DYLAN FOREMAN; Sports Writer: foremad@plu.edu

Sometimes in sports there is a moment when everything tightens up in your body, the airways constrict and suddenly an uncontrollable shake comes upon you like a plague. The feeling happens in a tense situation with a lot riding on the outcome of your performance. Imagine that situation is the iconic Masters golf tournament and you suddenly feel the tightness and shake with nearly 14 million people watching you. Scary right?

On April 10, Jordan Spieth, the favorite to have won this year’s Masters, had a five-shot lead with nine holes remaining in the match. All he had to do was hit for par and he would have been the back-to-back Masters champion. However, the phenomenon that is seen in sports all the time happened: choking.

Spieth ChokeThrough a bizarre string of shots that landed him in the water twice on one hole, Spieth quickly fell three shots behind the eventual winner Danny Willett and never recovered as he let the green jacket slip away from him.

This is not the first time choking has appeared in competition nor is it even close to being the last one. But, as someone who has fell victim to the pressure of close game on more than one occasion, each time stings as worst as the last.

Mentally, it consumes the mind with negative thoughts and overthinking. Physically, it diminishes the body’s natural response to perform at the highest capacity. Some of the most dominant athletes to date have suffered from choking and will continue to. The great ones however, have a short memory.

If anything, falling short is what athletes thrive on and is what makes them better.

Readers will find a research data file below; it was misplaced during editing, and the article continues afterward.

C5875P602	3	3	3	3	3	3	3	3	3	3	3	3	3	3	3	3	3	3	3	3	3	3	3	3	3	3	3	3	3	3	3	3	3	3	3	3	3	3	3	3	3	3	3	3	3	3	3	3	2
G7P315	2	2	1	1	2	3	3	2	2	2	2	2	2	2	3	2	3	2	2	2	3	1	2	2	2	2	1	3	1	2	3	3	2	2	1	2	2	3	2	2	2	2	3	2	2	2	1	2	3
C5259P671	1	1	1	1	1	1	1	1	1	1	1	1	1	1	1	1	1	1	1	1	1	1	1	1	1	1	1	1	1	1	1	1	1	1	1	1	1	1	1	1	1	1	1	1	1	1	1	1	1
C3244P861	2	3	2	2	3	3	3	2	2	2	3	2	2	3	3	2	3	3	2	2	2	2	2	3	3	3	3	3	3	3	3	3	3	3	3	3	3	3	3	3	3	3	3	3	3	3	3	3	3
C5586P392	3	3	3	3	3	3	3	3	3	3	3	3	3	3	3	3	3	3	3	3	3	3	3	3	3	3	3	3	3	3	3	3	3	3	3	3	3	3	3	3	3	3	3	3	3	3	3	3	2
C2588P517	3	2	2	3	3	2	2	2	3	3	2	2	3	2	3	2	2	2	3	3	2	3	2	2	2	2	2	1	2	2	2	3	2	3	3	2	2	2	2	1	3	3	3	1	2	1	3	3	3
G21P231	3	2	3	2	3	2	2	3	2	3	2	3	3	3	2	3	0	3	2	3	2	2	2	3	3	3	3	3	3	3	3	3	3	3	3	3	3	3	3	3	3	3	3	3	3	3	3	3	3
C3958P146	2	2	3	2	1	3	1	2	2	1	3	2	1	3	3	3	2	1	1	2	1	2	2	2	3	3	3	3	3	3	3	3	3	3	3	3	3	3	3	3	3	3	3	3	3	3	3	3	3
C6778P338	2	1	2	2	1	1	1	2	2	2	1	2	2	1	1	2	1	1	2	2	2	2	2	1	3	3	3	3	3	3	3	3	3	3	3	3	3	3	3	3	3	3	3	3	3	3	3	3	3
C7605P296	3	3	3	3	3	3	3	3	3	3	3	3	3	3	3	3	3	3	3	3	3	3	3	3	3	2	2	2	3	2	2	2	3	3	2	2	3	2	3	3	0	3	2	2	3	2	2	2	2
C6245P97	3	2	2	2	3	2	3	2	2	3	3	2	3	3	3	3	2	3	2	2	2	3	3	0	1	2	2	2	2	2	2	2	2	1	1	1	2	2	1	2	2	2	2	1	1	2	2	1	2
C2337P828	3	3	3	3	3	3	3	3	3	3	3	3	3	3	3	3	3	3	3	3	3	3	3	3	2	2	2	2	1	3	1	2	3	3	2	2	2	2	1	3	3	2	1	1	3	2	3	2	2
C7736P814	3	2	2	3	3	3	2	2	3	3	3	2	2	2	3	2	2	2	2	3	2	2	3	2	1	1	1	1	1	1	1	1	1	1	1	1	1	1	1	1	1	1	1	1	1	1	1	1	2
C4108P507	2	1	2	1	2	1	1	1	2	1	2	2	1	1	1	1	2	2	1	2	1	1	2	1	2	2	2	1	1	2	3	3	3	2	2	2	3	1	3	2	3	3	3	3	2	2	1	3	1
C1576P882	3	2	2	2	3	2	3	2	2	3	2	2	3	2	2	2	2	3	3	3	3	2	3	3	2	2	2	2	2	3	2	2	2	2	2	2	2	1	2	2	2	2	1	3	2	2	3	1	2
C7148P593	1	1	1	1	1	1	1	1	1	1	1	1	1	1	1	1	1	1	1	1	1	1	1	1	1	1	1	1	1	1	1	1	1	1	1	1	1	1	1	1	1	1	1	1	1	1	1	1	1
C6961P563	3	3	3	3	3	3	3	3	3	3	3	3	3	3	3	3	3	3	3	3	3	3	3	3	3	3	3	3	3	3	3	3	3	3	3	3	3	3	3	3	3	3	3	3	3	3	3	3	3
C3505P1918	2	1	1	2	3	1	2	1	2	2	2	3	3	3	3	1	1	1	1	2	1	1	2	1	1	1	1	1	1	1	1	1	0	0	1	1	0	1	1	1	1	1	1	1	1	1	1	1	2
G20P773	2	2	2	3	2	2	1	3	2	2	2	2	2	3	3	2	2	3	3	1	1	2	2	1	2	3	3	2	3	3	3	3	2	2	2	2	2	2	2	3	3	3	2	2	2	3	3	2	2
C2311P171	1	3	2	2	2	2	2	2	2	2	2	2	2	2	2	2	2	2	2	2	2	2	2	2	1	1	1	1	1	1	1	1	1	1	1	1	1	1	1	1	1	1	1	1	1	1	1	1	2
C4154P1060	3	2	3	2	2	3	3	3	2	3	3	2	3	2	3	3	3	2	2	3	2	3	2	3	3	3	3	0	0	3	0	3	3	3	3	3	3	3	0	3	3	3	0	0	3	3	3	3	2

The greatest competitor to date, Michael Jordan, is an excellent example of this. He said, “I’ve missed more than 9000 shots in my career. I’ve lost almost 300 games twenty-six times, I’ve been trusted to take the game winning shot and missed. I’ve failed over and over and over again in my life. And that is why I succeed.”

I am sure Jordan Spieth felt disgusted with himself and was in disbelief that he lost a five shot lead with nine holes remaining. With that being said, Jordan Spieth is a great competitor.

Spieth is one of the youngest, most talented players to enter professional golf. He would not be that successful if he was not able to mentally move past his meltdown.

My mother was a professional golf player and won numerous championships as an amateur. I know how frustrating the game of golf can be. It is the most mentally taxing sport on the planet and Spieth is the considered the best player to play it. He has what it takes to move past it. All great athletes have that innate ability.

It is all about whether someone has the will to put the “choking” experience past them and learn from it. Otherwise, it consumes people. Choking is not the problem. It is how someone reacts to it. ◼︎

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